By Simone Casey
Last year the federal government replaced the jobactive employment support program with what was expected to be a more flexible and improved support system for jobseekers, Workforce Australia.
Yet, in the 16 months the contracted-out system has been running, almost 2 million income support payments have been suspended, affecting 70% of participants.
Under the new system, participants must meet a points target to receive payments.
For example, if the default points target is 100 per month, this can be met by a minimum of four job applications (worth 5 points each) and a mix of other activities. Points targets are adjusted to 60 per month for parents and people with disabilities.
Why are payments suspended?
Payment suspensions are supposed to get people to comply with requirements such as attending job interviews and undertaking training, education classes or other activities to reach their points target.
When these criteria are not met, participants are given a two-day grace period to resolve the problem, after which payments are automatically suspended. The suspension remains until the target is met or the suspension is lifted by a job service provider. The average suspension period is four days.
The figure of almost 2 million payment suspensions, cited at a Senate Estimates committee meeting last month, showed they have been occurring at an alarming rate since Workforce Australia started.
Committee member and Greens senator Janet Rice highlighted concern about the high suspension rate and representatives from the Department of Employment, which runs the program, agreed it was an issue.
If 70% of participants have been suspended, that makes it very likely some people have lost payments multiple times. These people might be long-term unemployed due to health, disability or discrimination in the workplace.
Suspending payments to these already disadvantaged groups has a devastating impact because income support payments are grossly inadequate. The single person rate of JobSeeker payment is only $749.20 per fortnight, and the maximum rate of Commonwealth rent assistance is $101.07, adding up to $860.27 a fortnight.
Meanwhile an average share house rent in a capital city like Melbourne is $446 per fortnight – with single renters often paying double – and this leaves people without much room for delays to their income support payments.
The damage caused by suspending payments
Research into the impact of payment suspensions on people’s mental health shows the consequences are dire.
This is especially so during the current cost-of-living crisis when people have enough to worry about just paying rent, buying food or keeping a car on the road.
I coded the frequency of words relating to poor psychological wellbeing as represented in the table. Of the 69 submissions reviewed, 52 identified how payment suspensions caused high levels of stress and affected trust of the job service provider.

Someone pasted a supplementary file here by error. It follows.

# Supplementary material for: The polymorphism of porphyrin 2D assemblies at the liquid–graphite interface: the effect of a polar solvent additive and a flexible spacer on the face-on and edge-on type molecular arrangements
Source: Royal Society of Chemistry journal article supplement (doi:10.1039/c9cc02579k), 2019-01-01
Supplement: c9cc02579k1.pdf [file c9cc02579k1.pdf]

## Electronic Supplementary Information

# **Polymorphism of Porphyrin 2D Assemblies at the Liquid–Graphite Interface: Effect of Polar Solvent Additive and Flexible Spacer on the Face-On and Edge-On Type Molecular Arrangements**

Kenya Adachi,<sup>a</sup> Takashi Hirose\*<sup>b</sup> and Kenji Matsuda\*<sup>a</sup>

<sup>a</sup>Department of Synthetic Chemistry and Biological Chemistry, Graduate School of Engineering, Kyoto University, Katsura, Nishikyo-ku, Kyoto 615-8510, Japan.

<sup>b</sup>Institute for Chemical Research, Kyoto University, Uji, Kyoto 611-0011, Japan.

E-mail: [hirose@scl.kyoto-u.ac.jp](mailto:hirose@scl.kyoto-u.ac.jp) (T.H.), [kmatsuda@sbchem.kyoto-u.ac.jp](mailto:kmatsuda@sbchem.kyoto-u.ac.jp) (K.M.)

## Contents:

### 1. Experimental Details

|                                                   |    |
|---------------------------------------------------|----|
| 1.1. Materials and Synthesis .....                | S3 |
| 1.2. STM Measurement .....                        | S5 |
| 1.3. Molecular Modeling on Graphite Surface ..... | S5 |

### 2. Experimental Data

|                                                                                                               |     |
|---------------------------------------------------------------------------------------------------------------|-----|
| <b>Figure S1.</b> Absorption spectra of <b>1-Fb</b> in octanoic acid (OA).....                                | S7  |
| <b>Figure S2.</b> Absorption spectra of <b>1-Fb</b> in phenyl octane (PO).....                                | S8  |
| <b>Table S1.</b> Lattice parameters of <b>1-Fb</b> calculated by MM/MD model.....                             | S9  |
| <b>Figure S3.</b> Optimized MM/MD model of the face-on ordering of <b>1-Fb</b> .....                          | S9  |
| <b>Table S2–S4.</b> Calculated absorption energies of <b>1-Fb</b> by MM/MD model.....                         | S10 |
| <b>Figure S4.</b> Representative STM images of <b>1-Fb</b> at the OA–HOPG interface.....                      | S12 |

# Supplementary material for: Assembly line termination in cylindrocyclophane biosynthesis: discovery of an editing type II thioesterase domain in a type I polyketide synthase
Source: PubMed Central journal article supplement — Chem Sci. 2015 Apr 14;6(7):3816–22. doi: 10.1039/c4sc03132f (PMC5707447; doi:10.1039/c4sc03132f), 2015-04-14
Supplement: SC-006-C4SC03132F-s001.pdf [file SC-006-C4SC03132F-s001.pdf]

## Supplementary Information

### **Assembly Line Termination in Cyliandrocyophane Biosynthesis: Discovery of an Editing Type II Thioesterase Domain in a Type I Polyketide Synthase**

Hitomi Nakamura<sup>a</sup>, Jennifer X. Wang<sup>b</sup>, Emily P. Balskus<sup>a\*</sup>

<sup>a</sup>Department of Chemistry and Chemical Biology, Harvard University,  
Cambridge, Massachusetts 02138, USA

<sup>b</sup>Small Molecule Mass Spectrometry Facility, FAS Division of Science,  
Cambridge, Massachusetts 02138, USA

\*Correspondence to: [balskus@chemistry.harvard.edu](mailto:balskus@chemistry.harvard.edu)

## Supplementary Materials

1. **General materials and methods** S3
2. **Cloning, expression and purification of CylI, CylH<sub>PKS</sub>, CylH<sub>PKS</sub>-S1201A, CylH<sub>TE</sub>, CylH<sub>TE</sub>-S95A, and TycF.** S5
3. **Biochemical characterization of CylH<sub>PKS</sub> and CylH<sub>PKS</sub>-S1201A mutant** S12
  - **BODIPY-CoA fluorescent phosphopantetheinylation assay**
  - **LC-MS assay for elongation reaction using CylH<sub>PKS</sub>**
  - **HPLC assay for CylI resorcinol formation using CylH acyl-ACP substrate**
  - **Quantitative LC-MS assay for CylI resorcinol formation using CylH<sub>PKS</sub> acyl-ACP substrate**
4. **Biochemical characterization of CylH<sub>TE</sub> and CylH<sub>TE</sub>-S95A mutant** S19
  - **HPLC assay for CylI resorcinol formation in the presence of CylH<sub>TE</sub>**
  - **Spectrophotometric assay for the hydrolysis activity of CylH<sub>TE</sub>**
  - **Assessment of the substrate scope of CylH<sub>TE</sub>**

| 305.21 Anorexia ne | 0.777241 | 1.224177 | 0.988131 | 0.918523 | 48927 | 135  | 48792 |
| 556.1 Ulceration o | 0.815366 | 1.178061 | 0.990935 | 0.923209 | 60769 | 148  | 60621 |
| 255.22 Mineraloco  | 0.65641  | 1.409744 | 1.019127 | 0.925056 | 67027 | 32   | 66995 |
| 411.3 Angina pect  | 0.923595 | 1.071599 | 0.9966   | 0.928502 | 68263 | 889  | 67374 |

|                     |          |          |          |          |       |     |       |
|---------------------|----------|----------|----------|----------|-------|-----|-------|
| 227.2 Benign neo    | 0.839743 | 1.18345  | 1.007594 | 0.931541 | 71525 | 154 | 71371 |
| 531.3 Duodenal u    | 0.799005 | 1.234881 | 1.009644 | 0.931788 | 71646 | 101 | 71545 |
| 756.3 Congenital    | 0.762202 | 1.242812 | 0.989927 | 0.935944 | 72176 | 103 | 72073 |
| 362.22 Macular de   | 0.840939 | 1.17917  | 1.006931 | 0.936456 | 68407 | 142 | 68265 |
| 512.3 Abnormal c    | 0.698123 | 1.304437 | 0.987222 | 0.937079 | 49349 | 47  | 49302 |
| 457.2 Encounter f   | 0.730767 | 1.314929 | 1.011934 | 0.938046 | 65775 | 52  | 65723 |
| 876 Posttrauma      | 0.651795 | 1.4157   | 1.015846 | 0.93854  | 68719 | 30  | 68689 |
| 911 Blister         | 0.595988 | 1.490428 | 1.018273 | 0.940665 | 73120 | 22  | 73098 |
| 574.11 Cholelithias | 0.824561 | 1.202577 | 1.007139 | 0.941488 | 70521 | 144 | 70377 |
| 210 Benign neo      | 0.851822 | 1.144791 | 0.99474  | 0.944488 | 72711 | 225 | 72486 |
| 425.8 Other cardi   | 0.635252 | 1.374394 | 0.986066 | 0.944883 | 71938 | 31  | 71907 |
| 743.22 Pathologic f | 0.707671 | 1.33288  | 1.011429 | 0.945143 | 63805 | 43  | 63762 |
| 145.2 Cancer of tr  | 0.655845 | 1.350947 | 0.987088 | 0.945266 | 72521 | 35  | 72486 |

The word-frequency results show threats to payments have a devastating effect on the mental health of people receiving unemployment payments. Many felt bullied by their job services providers.
The impact of suspensions is reflected in this quote from one of the submissions. As one 53-year-old woman said in her submission:
I would ask you to consider and recognise that those of us who are reliant on this system are deprived of any means to control our circumstances. A system failure, a missed phone call, a misunderstanding or a simple lack of communication can lead to a suspension of payments.
The stress associated with being constantly under threat by the whims of a particular person, system faults or even a missed phone call is immeasurable. That I might be unable to eat, go to the doctor, pay for medication, buy petrol, pay bills on time (so as not to incur further costs), pay for internet/phone … is considerable and has a massive impact for those of us who are living under these unfortunate circumstances.
It effects our physical and emotional health, our ability to participate in our communities, our sense of future and diminishes our sense of self-worth and our accomplishments – reducing them to meaninglessness while keeping us in poverty.
Why is the suspension rate so high?
The suspension rate is high because the criteria people must meet to receive payments are unrealistic, and because job service providers make mistakes.
Some people can’t meet targets or report points under the points model on time, or don’t attend appointments because they’ve been given insufficient notice or the appointments have been scheduled at times they are already working or in training.
In a speech last month, Labor MP Julian Hill, who heads the parliamentary inquiry into Workforce Australia, told a conference the powers of the system’s providers to make decisions affecting payments was a “major false economy”.
This “false economy” of payment suspensions has been a fixture of job services requirements for nearly two decades.
Workforce Australia was meant to have addressed this with the points model. Instead, the points reporting is onerous and there is no evidence it improves the employment prospects of people who have been struggling to find work.
The next steps
When the parliamentary inquiry into Workforce Australia submits its report this month, it is likely to recommend big changes including returning and payment suspension decisions to the government’s former Human Services department, Services Australia.
If that happens, it will be vital to move swiftly.
As was the case with the former government’s highly discredited and unlawful automated debt assessment and recovery system, Robodebt, the widespread use of payment suspensions is unfair and causes acute distress to people already surviving on inadequate income support.
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